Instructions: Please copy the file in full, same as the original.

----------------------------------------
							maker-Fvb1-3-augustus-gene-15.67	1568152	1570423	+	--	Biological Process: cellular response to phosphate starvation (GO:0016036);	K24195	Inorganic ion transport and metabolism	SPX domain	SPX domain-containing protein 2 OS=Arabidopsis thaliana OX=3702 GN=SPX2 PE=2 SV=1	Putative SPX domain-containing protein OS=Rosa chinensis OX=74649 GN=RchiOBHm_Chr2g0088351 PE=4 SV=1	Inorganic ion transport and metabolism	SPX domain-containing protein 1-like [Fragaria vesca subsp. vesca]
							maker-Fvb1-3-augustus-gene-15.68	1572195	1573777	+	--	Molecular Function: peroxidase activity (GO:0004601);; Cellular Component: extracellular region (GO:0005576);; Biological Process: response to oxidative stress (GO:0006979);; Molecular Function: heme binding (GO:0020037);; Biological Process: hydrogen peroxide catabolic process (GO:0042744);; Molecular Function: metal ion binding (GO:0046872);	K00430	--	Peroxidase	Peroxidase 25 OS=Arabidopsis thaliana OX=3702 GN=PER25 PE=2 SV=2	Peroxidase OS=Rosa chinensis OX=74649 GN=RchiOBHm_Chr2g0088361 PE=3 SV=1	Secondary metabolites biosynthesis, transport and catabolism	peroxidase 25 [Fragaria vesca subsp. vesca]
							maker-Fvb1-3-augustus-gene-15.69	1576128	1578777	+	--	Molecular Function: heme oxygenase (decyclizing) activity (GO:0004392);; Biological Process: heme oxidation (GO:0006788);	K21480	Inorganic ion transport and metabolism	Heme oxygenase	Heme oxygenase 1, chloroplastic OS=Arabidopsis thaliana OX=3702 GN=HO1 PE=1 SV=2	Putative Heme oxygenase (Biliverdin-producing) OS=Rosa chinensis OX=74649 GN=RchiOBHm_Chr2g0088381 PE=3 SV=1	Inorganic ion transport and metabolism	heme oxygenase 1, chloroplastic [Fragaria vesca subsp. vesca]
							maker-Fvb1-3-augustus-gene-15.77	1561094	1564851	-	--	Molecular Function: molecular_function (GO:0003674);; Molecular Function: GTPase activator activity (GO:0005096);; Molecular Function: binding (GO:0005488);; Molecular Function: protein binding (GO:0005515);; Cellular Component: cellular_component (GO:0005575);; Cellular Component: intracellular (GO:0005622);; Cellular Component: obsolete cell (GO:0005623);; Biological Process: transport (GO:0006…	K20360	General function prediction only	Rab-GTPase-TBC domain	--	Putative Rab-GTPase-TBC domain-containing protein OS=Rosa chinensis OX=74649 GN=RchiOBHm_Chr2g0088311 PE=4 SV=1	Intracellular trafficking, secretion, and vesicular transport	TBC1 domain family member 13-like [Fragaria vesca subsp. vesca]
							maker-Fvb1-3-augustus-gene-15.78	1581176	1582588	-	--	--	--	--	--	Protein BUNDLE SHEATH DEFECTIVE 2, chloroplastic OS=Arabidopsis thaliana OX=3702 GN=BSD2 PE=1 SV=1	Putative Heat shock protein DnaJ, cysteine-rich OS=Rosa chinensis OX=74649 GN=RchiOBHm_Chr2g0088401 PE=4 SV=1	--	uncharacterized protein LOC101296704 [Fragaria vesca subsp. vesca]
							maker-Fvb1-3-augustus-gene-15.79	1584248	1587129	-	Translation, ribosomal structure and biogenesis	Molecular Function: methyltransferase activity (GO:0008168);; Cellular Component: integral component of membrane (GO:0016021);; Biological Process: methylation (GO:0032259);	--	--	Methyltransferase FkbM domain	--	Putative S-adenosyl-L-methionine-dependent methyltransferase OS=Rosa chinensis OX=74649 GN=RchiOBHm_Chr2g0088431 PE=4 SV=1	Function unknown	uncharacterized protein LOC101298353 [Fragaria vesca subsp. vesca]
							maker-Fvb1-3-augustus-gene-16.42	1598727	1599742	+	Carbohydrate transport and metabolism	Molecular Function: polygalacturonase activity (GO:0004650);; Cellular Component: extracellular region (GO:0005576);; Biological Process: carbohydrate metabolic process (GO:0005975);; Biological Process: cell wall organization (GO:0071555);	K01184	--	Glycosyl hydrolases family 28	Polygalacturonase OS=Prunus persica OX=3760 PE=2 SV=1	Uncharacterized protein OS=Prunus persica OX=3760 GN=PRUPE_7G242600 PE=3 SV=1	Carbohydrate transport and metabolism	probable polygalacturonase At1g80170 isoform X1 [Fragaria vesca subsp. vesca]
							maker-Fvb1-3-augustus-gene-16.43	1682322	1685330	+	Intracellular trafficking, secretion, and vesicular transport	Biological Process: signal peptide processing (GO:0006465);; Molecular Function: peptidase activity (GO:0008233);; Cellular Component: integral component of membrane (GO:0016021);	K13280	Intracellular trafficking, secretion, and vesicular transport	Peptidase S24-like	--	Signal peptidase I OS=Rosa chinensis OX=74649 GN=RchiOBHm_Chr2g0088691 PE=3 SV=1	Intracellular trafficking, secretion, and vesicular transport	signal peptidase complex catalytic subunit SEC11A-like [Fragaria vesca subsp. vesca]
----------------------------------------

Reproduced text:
							maker-Fvb1-3-augustus-gene-15.67	1568152	1570423	+	--	Biological Process: cellular response to phosphate starvation (GO:0016036);	K24195	Inorganic ion transport and metabolism	SPX domain	SPX domain-containing protein 2 OS=Arabidopsis thaliana OX=3702 GN=SPX2 PE=2 SV=1	Putative SPX domain-containing protein OS=Rosa chinensis OX=74649 GN=RchiOBHm_Chr2g0088351 PE=4 SV=1	Inorganic ion transport and metabolism	SPX domain-containing protein 1-like [Fragaria vesca subsp. vesca]
							maker-Fvb1-3-augustus-gene-15.68	1572195	1573777	+	--	Molecular Function: peroxidase activity (GO:0004601);; Cellular Component: extracellular region (GO:0005576);; Biological Process: response to oxidative stress (GO:0006979);; Molecular Function: heme binding (GO:0020037);; Biological Process: hydrogen peroxide catabolic process (GO:0042744);; Molecular Function: metal ion binding (GO:0046872);	K00430	--	Peroxidase	Peroxidase 25 OS=Arabidopsis thaliana OX=3702 GN=PER25 PE=2 SV=2	Peroxidase OS=Rosa chinensis OX=74649 GN=RchiOBHm_Chr2g0088361 PE=3 SV=1	Secondary metabolites biosynthesis, transport and catabolism	peroxidase 25 [Fragaria vesca subsp. vesca]
							maker-Fvb1-3-augustus-gene-15.69	1576128	1578777	+	--	Molecular Function: heme oxygenase (decyclizing) activity (GO:0004392);; Biological Process: heme oxidation (GO:0006788);	K21480	Inorganic ion transport and metabolism	Heme oxygenase	Heme oxygenase 1, chloroplastic OS=Arabidopsis thaliana OX=3702 GN=HO1 PE=1 SV=2	Putative Heme oxygenase (Biliverdin-producing) OS=Rosa chinensis OX=74649 GN=RchiOBHm_Chr2g0088381 PE=3 SV=1	Inorganic ion transport and metabolism	heme oxygenase 1, chloroplastic [Fragaria vesca subsp. vesca]
							maker-Fvb1-3-augustus-gene-15.77	1561094	1564851	-	--	Molecular Function: molecular_function (GO:0003674);; Molecular Function: GTPase activator activity (GO:0005096);; Molecular Function: binding (GO:0005488);; Molecular Function: protein binding (GO:0005515);; Cellular Component: cellular_component (GO:0005575);; Cellular Component: intracellular (GO:0005622);; Cellular Component: obsolete cell (GO:0005623);; Biological Process: transport (GO:0006…	K20360	General function prediction only	Rab-GTPase-TBC domain	--	Putative Rab-GTPase-TBC domain-containing protein OS=Rosa chinensis OX=74649 GN=RchiOBHm_Chr2g0088311 PE=4 SV=1	Intracellular trafficking, secretion, and vesicular transport	TBC1 domain family member 13-like [Fragaria vesca subsp. vesca]
							maker-Fvb1-3-augustus-gene-15.78	1581176	1582588	-	--	--	--	--	--	Protein BUNDLE SHEATH DEFECTIVE 2, chloroplastic OS=Arabidopsis thaliana OX=3702 GN=BSD2 PE=1 SV=1	Putative Heat shock protein DnaJ, cysteine-rich OS=Rosa chinensis OX=74649 GN=RchiOBHm_Chr2g0088401 PE=4 SV=1	--	uncharacterized protein LOC101296704 [Fragaria vesca subsp. vesca]
							maker-Fvb1-3-augustus-gene-15.79	1584248	1587129	-	Translation, ribosomal structure and biogenesis	Molecular Function: methyltransferase activity (GO:0008168);; Cellular Component: integral component of membrane (GO:0016021);; Biological Process: methylation (GO:0032259);	--	--	Methyltransferase FkbM domain	--	Putative S-adenosyl-L-methionine-dependent methyltransferase OS=Rosa chinensis OX=74649 GN=RchiOBHm_Chr2g0088431 PE=4 SV=1	Function unknown	uncharacterized protein LOC101298353 [Fragaria vesca subsp. vesca]
							maker-Fvb1-3-augustus-gene-16.42	1598727	1599742	+	Carbohydrate transport and metabolism	Molecular Function: polygalacturonase activity (GO:0004650);; Cellular Component: extracellular region (GO:0005576);; Biological Process: carbohydrate metabolic process (GO:0005975);; Biological Process: cell wall organization (GO:0071555);	K01184	--	Glycosyl hydrolases family 28	Polygalacturonase OS=Prunus persica OX=3760 PE=2 SV=1	Uncharacterized protein OS=Prunus persica OX=3760 GN=PRUPE_7G242600 PE=3 SV=1	Carbohydrate transport and metabolism	probable polygalacturonase At1g80170 isoform X1 [Fragaria vesca subsp. vesca]
							maker-Fvb1-3-augustus-gene-16.43	1682322	1685330	+	Intracellular trafficking, secretion, and vesicular transport	Biological Process: signal peptide processing (GO:0006465);; Molecular Function: peptidase activity (GO:0008233);; Cellular Component: integral component of membrane (GO:0016021);	K13280	Intracellular trafficking, secretion, and vesicular transport	Peptidase S24-like	--	Signal peptidase I OS=Rosa chinensis OX=74649 GN=RchiOBHm_Chr2g0088691 PE=3 SV=1	Intracellular trafficking, secretion, and vesicular transport	signal peptidase complex catalytic subunit SEC11A-like [Fragaria vesca subsp. vesca]